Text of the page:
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Open Access Highly Accessed Research article

Performance comparison of second- and third-generation sequencers using a bacterial genome with two chromosomes

Mari Miyamoto1, Daisuke Motooka2, Kazuyoshi Gotoh26, Takamasa Imai3, Kazutoshi Yoshitake4, Naohisa Goto2, Tetsuya Iida2, Teruo Yasunaga2, Toshihiro Horii2, Kazuharu Arakawa5, Masahiro Kasahara3 and Shota Nakamura2*

Author Affiliations

1 CLC bio Japan Inc., a QIAGEN Company, 204 Daikanyama Park Side Village, 9-8 Sarugakucho, Shibuya-ku, Tokyo 150-0033, Japan

2 Department of Infection Metagenomics, Research Institute for Microbial Diseases, Osaka University, 3-1 Yamadaoka, Suita, Osaka 565-0871, Japan

3 Department of Computational Biology, Graduate School of Frontier Sciences, The University of Tokyo, Kashiwa 277-8561, Japan

4 Laboratory of DNA Data Analysis, National Institute of Genetics, 1111 Yata, Mishima, Shizuoka 411-8540, Japan

5 Institute for Advanced Biosciences, Keio University, 5322 Endo, Fujisawa, Kanagawa 252-0882, Japan

6 Department of Bacteriology, Okayama University Graduate School of Medicine, 2-5-1 Kita-ku Shikata-cho, Okayama 700-8558, Japan

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BMC Genomics 2014, 15:699  doi:10.1186/1471-2164-15-699

Published: 21 August 2014

Abstract

Background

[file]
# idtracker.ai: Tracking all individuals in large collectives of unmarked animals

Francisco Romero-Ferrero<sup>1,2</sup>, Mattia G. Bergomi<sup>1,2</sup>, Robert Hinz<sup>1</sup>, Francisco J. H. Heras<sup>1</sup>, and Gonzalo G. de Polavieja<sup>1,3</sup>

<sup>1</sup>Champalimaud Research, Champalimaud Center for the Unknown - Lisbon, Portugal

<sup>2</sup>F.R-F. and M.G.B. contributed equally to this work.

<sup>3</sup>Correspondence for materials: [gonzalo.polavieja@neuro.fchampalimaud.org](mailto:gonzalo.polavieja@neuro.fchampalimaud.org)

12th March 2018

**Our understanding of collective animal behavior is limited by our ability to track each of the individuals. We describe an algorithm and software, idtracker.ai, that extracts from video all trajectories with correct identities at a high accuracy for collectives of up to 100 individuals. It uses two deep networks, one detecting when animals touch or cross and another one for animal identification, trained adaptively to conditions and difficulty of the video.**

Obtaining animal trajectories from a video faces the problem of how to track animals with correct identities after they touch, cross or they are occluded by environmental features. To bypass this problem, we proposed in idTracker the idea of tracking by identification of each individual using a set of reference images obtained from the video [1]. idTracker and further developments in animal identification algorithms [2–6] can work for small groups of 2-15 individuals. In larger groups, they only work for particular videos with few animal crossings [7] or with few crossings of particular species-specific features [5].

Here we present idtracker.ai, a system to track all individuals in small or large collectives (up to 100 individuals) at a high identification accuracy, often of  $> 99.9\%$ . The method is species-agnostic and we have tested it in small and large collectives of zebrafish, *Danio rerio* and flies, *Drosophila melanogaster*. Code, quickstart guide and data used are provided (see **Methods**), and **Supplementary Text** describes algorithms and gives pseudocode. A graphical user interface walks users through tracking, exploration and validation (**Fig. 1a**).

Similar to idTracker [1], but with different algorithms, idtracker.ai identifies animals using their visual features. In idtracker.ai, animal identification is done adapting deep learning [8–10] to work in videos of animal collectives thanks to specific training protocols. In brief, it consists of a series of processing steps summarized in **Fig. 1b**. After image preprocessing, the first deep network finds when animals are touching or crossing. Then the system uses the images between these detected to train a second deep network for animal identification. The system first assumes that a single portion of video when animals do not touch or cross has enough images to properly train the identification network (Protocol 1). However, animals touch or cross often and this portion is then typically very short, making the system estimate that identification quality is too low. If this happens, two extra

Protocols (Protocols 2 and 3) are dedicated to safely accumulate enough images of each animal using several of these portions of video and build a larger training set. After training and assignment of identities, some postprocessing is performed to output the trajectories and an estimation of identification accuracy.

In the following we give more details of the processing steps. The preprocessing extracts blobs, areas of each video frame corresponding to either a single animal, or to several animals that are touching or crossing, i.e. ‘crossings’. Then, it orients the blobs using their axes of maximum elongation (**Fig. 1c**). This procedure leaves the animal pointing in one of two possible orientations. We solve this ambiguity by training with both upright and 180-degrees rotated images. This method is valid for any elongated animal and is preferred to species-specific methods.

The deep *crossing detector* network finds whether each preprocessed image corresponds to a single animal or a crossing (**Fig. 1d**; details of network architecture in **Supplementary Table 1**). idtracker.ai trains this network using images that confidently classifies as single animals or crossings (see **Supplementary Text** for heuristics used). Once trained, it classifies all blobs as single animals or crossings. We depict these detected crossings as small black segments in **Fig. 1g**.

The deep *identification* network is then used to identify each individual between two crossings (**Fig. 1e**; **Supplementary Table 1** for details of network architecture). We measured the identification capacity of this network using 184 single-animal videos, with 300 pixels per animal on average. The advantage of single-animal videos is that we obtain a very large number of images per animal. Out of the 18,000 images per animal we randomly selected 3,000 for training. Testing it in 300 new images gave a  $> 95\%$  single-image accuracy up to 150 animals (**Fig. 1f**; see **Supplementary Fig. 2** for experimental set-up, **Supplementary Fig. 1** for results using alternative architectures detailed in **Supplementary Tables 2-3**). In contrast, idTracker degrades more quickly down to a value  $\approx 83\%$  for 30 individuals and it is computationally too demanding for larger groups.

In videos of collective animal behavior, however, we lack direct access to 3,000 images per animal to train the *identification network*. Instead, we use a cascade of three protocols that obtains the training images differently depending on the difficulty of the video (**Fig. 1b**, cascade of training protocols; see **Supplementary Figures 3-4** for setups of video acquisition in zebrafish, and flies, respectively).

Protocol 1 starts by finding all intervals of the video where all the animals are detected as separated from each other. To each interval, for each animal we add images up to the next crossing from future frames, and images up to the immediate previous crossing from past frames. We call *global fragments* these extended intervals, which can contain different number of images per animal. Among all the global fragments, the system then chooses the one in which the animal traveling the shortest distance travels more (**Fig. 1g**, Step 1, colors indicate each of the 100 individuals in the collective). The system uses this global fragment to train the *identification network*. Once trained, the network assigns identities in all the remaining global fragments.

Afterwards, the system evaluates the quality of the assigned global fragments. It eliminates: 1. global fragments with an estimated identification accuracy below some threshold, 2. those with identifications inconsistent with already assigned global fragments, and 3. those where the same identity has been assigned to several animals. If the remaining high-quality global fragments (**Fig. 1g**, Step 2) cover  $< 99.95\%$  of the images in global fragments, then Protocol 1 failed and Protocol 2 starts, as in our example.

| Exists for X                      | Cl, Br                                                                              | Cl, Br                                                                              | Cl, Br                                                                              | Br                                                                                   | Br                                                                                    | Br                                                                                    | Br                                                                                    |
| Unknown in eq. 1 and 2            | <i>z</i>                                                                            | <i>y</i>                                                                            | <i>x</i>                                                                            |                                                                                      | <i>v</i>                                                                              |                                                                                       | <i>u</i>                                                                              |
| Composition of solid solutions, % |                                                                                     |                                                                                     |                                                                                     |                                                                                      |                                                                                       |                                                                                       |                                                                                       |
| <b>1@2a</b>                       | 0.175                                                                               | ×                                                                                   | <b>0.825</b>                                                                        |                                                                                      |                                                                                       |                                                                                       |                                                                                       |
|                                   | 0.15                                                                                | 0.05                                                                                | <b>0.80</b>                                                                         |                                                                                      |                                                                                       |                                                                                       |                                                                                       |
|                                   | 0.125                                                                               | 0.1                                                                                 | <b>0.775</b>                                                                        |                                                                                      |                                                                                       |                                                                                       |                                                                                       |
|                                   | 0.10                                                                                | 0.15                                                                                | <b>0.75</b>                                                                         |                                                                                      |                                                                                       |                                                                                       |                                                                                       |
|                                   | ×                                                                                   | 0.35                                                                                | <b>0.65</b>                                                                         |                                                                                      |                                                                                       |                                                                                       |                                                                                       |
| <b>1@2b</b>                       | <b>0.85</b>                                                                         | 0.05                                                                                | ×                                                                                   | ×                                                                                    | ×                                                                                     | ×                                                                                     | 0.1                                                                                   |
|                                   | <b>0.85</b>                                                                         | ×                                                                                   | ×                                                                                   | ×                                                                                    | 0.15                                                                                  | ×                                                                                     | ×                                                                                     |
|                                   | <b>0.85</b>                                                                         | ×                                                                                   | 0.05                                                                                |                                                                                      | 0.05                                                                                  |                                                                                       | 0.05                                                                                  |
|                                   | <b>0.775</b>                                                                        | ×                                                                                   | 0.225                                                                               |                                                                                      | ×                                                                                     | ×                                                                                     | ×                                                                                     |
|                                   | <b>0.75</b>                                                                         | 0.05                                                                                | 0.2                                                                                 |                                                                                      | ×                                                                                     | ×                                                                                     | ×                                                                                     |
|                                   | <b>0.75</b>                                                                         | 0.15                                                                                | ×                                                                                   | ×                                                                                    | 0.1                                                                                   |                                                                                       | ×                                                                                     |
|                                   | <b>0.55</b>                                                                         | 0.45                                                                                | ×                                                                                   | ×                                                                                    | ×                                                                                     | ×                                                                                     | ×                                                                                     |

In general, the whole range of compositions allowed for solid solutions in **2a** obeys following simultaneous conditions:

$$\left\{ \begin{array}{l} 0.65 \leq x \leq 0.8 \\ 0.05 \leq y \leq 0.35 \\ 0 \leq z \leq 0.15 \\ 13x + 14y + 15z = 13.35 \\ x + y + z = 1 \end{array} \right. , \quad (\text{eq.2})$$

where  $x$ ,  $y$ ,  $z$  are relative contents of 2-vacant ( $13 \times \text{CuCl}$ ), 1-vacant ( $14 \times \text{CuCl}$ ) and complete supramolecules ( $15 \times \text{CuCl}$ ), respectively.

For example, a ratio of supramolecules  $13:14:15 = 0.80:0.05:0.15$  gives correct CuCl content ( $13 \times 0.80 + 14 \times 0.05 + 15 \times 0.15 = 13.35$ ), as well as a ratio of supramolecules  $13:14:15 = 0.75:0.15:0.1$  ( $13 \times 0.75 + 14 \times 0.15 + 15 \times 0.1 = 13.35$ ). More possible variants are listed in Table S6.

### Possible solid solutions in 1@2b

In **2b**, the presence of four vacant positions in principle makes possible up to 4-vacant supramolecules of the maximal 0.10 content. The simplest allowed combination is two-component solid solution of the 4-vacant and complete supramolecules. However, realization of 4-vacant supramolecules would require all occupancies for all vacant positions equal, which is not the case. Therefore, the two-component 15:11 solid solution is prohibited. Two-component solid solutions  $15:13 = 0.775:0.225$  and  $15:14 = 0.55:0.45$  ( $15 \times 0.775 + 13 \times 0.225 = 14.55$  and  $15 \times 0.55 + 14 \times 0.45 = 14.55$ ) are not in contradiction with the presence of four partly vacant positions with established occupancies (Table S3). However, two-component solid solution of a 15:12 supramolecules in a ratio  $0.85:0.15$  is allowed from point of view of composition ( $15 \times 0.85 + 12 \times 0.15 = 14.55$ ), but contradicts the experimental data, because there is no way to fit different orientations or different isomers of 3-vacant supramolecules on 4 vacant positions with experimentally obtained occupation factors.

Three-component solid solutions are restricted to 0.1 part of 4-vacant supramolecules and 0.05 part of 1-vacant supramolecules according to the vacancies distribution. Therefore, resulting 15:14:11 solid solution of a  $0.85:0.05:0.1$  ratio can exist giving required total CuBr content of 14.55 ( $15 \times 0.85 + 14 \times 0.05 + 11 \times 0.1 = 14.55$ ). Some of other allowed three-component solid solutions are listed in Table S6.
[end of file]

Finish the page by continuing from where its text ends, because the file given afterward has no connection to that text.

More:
The availability of diverse second- and third-generation sequencing technologies enables the rapid determination of the sequences of bacterial genomes. However, identifying the sequencing technology most suitable for producing a finished genome with multiple chromosomes remains a challenge. We evaluated the abilities of the following three second-generation sequencers: Roche 454 GS Junior (GS Jr), Life Technologies Ion PGM (Ion PGM), and Illumina MiSeq (MiSeq) and a third-generation sequencer, the Pacific Biosciences RS sequencer (PacBio), by sequencing and assembling the genome of Vibrio parahaemolyticus, which consists of a 5-Mb genome comprising two circular chromosomes.

Results

We sequenced the genome of V. parahaemolyticus with GS Jr, Ion PGM, MiSeq, and PacBio and performed de novo assembly with several genome assemblers. Although GS Jr generated the longest mean read length of 418 bp among the second-generation sequencers, the maximum contig length of the best assembly from GS Jr was 165 kbp, and the number of contigs was 309. Single runs of Ion PGM and MiSeq produced data of considerably greater sequencing coverage, 279× and 1,927×, respectively. The optimized result for Ion PGM contained 61 contigs assembled from reads of 77× coverage, and the longest contig was 895 kbp in size. Those for MiSeq were 34 contigs, 58× coverage, and 733 kbp, respectively. These results suggest that higher coverage depth is unnecessary for a better assembly result. We observed that multiple rRNA coding regions were fragmented in the assemblies from the second-generation sequencers, whereas PacBio generated two exceptionally long contigs of 3,288,561 and 1,875,537 bps, each of which was from a single chromosome, with 73× coverage and mean read length 3,119 bp, allowing us to determine the absolute positions of all rRNA operons.

Conclusions

PacBio outperformed the other sequencers in terms of the length of contigs and reconstructed the greatest portion of the genome, achieving a genome assembly of “finished grade” because of its long reads. It showed the potential to assemble more complex genomes with multiple chromosomes containing more repetitive sequences.

Keywords:
Next-generation sequencing; de novo assembly; Illumina MiSeq; Ion Torrent PGM; Roche 454 GS Junior; PacBio RS system